Some exhibitors will admittedly be holding dedicated digital events later in the summer, but it displays a curious lack of confidence in their own catalogue, especially as most publishers are working on some pretty exciting titles right now.
Later in the year, we'll be asking ourselves, yet again, "Where did this come from? Why on earth didn't they show this off at E3?". Why exhibit at a showcase and then only showcase a small proportion of your canon?
With that in mind, then, it will be interesting to see what those dedicated to the 'pocket gaming' sector have up their sleeves.
The ultra-acquisitive GREE will undoubtedly have much to prove with its big stands this year, and for many attendees will be an unknown quantity. But this year's E3 will be perhaps even more crucial for the old guard at Nintendo and Sony.
For the latter, in particular, the importance of this year's show cannot be understated, with the Vita suffering from a stuttering start to date.
As Sony president and CEO Kaz Hirai stated in the recent financials, content is key, and it will be as much down to how Sony has courted the third parties as its own array of exclusive first party content.
Complacency is not an option, and critics will be queuing up to see if Sony has an answer to the doubts over the platform's long-term future.
In terms of the 'big' Vita titles at the show this year, it would be a major surprise if Call Of Duty Vita doesn't get its debut airing, while you can bet that Assassin's Creed will also be one of the pillar Vita titles wheeled out at the Sony press conference alongside Lego Batman 2, and Streetfighter X Tekken and FIFA 13.
First party Vita offerings like Killzone and LittleBigPlanet also promise to grab headlines, but Sony needs a few more true system sellers like these to tempt players away from their smartphone and tablets.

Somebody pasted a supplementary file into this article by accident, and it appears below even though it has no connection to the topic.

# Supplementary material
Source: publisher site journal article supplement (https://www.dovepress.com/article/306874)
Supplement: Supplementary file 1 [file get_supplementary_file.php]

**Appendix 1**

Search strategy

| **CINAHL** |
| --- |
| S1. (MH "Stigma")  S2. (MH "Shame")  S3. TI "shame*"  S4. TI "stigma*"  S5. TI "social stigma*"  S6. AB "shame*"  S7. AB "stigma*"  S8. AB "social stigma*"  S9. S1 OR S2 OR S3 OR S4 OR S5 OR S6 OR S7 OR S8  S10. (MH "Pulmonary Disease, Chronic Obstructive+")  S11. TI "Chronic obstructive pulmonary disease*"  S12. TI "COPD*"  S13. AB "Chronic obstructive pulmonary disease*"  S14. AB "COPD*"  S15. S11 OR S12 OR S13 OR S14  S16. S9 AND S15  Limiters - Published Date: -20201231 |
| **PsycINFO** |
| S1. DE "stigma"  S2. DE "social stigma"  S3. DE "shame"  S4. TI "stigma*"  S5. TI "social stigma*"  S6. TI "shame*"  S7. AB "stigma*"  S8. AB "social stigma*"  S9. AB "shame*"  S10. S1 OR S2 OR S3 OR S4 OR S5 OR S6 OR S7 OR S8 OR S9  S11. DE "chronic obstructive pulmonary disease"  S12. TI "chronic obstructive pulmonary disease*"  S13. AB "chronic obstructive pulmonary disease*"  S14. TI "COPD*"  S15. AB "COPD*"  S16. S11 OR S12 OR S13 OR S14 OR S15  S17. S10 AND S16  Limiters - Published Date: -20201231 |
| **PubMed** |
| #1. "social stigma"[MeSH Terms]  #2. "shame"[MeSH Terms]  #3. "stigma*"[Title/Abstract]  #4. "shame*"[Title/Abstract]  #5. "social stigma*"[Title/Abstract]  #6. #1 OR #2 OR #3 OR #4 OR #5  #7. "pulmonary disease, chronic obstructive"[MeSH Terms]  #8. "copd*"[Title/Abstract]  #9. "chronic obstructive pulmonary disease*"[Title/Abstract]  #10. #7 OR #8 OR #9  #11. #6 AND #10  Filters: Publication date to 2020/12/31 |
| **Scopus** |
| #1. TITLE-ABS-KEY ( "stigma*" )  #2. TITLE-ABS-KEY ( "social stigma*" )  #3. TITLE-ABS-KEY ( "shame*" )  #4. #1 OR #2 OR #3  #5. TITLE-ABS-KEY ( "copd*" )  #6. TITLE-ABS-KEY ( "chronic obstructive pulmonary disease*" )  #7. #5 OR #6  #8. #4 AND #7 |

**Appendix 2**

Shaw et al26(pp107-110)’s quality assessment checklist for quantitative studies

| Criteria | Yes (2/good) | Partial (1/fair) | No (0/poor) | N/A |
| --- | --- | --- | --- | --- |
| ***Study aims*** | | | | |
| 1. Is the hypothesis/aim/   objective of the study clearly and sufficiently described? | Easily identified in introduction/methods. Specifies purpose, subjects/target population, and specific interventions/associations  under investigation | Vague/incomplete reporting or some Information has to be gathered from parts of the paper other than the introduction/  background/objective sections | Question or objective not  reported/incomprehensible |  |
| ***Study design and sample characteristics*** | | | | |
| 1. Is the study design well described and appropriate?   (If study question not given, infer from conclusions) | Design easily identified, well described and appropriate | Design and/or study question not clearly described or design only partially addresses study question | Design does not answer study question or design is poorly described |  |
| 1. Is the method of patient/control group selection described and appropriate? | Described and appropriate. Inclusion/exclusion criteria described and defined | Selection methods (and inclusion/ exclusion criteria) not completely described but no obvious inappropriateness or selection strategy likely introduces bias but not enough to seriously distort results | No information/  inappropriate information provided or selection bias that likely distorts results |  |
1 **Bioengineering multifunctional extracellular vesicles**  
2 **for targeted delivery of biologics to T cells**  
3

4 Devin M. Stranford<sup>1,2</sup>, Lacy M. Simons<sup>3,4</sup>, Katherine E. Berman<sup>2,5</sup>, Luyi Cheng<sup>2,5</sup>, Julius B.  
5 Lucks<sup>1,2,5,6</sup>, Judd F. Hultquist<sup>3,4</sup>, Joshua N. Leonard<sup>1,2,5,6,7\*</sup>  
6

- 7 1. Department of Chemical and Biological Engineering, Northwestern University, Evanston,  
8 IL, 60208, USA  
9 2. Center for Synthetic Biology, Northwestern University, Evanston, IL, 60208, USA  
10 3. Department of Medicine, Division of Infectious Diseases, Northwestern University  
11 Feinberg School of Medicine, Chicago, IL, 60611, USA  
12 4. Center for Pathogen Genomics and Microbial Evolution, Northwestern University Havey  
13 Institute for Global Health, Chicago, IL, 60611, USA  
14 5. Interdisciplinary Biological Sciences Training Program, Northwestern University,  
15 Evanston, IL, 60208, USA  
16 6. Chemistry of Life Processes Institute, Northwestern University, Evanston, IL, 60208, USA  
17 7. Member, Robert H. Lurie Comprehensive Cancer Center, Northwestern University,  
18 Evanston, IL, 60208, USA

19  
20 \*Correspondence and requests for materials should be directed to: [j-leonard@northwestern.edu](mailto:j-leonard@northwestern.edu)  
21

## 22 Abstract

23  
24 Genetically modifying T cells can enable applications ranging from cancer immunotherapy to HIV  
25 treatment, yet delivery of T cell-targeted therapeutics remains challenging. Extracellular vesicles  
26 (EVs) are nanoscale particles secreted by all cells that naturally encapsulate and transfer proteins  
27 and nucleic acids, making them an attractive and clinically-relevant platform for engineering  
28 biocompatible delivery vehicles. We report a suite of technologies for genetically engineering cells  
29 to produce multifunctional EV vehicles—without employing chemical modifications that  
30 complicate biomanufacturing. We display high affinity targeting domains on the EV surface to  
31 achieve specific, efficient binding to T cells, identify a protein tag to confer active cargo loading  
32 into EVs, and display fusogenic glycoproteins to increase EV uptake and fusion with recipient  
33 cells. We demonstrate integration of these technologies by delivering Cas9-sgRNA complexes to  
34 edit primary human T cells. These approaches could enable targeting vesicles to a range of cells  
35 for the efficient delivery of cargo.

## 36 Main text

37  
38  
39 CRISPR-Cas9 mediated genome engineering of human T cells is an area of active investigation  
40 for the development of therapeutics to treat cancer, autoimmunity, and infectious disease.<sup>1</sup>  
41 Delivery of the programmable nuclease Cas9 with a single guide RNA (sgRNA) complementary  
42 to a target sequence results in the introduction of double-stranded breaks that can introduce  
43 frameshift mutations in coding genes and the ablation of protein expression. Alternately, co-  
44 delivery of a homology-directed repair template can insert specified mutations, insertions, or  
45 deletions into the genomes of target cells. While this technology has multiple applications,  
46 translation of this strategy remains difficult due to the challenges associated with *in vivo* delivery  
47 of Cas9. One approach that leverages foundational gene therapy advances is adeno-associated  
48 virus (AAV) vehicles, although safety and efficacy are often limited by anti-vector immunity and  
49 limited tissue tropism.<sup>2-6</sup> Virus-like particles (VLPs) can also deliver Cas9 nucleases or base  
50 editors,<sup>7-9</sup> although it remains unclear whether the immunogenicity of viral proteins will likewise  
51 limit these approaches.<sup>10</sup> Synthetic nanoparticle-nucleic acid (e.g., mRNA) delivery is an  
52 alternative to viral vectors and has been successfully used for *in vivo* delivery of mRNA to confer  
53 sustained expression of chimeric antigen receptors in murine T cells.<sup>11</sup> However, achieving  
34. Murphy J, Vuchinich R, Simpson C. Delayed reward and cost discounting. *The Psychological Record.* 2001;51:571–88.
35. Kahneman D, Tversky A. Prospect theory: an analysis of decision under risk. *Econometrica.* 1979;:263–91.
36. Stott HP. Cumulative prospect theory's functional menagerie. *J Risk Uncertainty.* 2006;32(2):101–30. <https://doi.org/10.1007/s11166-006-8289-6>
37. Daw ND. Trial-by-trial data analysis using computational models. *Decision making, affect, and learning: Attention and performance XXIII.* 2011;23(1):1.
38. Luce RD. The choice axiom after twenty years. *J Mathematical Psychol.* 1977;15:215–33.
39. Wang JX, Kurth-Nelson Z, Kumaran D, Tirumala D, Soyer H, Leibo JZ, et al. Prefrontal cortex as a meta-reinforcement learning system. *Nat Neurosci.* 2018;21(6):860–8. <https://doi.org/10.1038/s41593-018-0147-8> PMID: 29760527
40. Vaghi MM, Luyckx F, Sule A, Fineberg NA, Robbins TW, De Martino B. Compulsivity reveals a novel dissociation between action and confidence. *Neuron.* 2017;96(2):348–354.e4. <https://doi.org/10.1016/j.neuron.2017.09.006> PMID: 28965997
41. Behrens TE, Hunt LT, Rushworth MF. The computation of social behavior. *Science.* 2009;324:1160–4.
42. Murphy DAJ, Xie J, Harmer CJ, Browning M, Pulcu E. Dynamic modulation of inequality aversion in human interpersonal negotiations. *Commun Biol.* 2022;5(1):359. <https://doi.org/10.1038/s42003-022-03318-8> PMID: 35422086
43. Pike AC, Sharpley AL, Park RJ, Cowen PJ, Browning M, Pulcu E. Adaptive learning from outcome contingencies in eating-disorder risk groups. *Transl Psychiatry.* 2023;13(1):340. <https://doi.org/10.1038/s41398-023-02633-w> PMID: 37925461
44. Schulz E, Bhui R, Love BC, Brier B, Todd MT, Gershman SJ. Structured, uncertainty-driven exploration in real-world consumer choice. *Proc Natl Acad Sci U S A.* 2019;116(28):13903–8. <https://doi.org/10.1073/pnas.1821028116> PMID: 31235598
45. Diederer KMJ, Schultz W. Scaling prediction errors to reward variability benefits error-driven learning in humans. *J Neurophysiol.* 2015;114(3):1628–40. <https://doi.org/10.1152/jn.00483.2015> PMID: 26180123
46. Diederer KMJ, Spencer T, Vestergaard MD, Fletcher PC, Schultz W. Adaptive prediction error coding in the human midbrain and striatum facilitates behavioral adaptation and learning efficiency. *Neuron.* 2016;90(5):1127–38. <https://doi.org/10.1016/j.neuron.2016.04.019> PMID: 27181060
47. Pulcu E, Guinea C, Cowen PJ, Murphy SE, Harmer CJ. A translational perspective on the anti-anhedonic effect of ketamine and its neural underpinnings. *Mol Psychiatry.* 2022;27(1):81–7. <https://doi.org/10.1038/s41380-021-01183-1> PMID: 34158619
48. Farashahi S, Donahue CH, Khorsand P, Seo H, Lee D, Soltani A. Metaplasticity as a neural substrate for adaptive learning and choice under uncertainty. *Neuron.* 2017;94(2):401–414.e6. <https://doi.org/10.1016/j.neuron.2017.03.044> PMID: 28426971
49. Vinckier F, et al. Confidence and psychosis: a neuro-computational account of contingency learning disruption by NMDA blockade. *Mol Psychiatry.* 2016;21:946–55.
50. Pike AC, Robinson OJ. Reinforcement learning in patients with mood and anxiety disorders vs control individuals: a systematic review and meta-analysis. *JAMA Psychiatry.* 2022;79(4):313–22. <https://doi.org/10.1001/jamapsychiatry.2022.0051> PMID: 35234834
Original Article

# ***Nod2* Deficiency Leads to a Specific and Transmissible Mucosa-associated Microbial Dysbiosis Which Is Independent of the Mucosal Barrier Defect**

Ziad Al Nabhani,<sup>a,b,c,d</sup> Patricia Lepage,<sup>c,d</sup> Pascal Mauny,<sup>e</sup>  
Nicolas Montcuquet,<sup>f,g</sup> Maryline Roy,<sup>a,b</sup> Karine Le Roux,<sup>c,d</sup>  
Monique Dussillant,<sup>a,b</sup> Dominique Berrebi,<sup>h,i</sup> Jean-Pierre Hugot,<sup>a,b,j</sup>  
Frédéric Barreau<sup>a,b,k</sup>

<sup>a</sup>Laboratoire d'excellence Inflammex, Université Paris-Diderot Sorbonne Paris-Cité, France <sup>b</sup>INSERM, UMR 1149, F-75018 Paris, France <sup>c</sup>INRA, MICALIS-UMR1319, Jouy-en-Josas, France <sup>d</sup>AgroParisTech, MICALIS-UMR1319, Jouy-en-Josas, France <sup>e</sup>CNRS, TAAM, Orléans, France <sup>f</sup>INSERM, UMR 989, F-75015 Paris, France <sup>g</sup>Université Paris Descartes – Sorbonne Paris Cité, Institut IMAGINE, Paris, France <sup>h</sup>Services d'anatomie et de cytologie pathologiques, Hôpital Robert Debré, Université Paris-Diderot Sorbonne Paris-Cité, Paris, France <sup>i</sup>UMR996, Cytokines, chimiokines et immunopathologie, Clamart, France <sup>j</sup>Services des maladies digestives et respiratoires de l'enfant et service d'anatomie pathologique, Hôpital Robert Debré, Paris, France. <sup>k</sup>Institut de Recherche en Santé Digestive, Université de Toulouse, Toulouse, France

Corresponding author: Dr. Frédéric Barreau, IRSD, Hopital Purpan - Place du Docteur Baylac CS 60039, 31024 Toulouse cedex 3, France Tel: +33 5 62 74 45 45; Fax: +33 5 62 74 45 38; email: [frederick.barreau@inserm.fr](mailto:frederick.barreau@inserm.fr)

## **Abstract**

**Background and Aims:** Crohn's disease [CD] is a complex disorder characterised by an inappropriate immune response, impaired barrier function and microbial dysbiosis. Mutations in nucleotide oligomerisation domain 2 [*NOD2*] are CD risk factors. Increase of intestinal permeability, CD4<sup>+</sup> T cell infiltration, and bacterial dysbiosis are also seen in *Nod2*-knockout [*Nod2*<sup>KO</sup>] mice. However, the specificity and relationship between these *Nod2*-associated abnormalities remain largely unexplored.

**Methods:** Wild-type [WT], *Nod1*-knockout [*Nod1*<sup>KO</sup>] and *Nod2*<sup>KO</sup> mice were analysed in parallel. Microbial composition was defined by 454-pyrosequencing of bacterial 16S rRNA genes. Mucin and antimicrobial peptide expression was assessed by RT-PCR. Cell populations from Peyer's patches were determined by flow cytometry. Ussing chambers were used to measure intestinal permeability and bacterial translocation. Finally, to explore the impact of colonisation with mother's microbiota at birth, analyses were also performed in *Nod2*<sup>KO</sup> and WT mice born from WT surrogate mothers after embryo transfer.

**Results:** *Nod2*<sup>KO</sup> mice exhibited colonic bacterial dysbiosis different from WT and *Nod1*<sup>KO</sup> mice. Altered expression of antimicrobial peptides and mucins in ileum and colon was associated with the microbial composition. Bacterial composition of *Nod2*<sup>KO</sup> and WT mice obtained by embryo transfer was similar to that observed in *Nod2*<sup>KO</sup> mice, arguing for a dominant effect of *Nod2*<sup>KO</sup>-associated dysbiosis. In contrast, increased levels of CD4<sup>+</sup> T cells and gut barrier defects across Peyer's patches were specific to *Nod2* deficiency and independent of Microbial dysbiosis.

It could also do with thinking long and hard about the pricing of its games - and its hardware - but we wouldn't expect much willingness to change there.
For Nintendo, it'll be a comparatively easy ride. With most people's eyes firmly focused on Wii U, the 3DS will be allowed to take a back seat this year.
That said, Nintendo knows it has to continue to build on recent momentum if it is to return to profitability and reach its 38 million sales target for the financial year, so we'd expect the Japanese giant to be extremely bullish with the range of new titles on show.
Mario and co.
Showings of Super Smash Bros., Monster Hunter 4, Paper Mario 3D, Luigi's Mansion 2, Animal Crossing and New Super Mario Bros. 2 will be the headline grabbers of the show, but we'd expect plenty of surprises to join them this year.
More likely, though, the real surprises won't come from the hot, noisy stands of South and West Halls, but in interconnecting bars and corridors of the Staples Center.
Independent developers will pop along with their iPhones and iPads, sit down for a coffee and quietly show off the kind of titles that should, in reality, be headlining shows like E3 by now. It's spectacularly short-sighted to think otherwise.
And while everyone searches high and low for a game that isn't based on an ageing franchise, the future of E3 will be going on all around them quietly and unheralded.